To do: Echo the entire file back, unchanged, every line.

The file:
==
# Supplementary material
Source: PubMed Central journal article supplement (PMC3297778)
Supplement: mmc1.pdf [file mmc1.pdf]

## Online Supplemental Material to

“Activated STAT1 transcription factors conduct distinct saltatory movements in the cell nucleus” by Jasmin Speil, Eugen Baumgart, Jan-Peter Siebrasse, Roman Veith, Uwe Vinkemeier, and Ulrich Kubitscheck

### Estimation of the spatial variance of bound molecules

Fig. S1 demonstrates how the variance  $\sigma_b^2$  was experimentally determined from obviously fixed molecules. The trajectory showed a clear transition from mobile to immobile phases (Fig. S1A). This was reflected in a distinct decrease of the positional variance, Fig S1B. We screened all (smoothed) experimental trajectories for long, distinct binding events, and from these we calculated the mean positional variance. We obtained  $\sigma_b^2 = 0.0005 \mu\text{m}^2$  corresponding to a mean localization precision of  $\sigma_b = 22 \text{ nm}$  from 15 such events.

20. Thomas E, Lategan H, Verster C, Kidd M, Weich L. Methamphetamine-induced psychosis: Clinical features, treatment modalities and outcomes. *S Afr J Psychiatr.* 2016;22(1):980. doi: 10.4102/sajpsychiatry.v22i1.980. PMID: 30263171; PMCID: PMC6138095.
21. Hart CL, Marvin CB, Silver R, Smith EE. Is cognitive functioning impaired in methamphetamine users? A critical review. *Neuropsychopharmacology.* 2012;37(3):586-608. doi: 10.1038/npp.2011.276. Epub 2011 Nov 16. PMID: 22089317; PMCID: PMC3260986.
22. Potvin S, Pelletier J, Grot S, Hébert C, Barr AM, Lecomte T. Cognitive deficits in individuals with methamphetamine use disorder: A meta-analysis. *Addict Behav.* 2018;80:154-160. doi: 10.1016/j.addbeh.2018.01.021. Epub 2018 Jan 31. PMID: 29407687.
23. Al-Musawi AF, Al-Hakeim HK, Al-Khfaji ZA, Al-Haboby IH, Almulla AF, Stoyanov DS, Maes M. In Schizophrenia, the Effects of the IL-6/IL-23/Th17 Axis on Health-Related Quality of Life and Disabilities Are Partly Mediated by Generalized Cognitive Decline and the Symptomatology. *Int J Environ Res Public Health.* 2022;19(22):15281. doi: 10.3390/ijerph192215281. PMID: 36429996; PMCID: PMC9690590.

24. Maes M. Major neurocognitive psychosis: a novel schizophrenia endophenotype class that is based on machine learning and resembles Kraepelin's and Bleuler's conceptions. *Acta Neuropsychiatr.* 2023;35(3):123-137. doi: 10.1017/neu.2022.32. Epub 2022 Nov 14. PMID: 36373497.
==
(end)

# Supplementary material
Source: PubMed Central journal article supplement (PMC3297778)
Supplement: mmc1.pdf [file mmc1.pdf]

## Online Supplemental Material to

“Activated STAT1 transcription factors conduct distinct saltatory movements in the cell nucleus” by Jasmin Speil, Eugen Baumgart, Jan-Peter Siebrasse, Roman Veith, Uwe Vinkemeier, and Ulrich Kubitscheck

### Estimation of the spatial variance of bound molecules

Fig. S1 demonstrates how the variance  $\sigma_b^2$  was experimentally determined from obviously fixed molecules. The trajectory showed a clear transition from mobile to immobile phases (Fig. S1A). This was reflected in a distinct decrease of the positional variance, Fig S1B. We screened all (smoothed) experimental trajectories for long, distinct binding events, and from these we calculated the mean positional variance. We obtained  $\sigma_b^2 = 0.0005 \mu\text{m}^2$  corresponding to a mean localization precision of  $\sigma_b = 22 \text{ nm}$  from 15 such events.

20. Thomas E, Lategan H, Verster C, Kidd M, Weich L. Methamphetamine-induced psychosis: Clinical features, treatment modalities and outcomes. *S Afr J Psychiatr.* 2016;22(1):980. doi: 10.4102/sajpsychiatry.v22i1.980. PMID: 30263171; PMCID: PMC6138095.
21. Hart CL, Marvin CB, Silver R, Smith EE. Is cognitive functioning impaired in methamphetamine users? A critical review. *Neuropsychopharmacology.* 2012;37(3):586-608. doi: 10.1038/npp.2011.276. Epub 2011 Nov 16. PMID: 22089317; PMCID: PMC3260986.
22. Potvin S, Pelletier J, Grot S, Hébert C, Barr AM, Lecomte T. Cognitive deficits in individuals with methamphetamine use disorder: A meta-analysis. *Addict Behav.* 2018;80:154-160. doi: 10.1016/j.addbeh.2018.01.021. Epub 2018 Jan 31. PMID: 29407687.
23. Al-Musawi AF, Al-Hakeim HK, Al-Khfaji ZA, Al-Haboby IH, Almulla AF, Stoyanov DS, Maes M. In Schizophrenia, the Effects of the IL-6/IL-23/Th17 Axis on Health-Related Quality of Life and Disabilities Are Partly Mediated by Generalized Cognitive Decline and the Symptomatology. *Int J Environ Res Public Health.* 2022;19(22):15281. doi: 10.3390/ijerph192215281. PMID: 36429996; PMCID: PMC9690590.

24. Maes M. Major neurocognitive psychosis: a novel schizophrenia endophenotype class that is based on machine learning and resembles Kraepelin's and Bleuler's conceptions. *Acta Neuropsychiatr.* 2023;35(3):123-137. doi: 10.1017/neu.2022.32. Epub 2022 Nov 14. PMID: 36373497.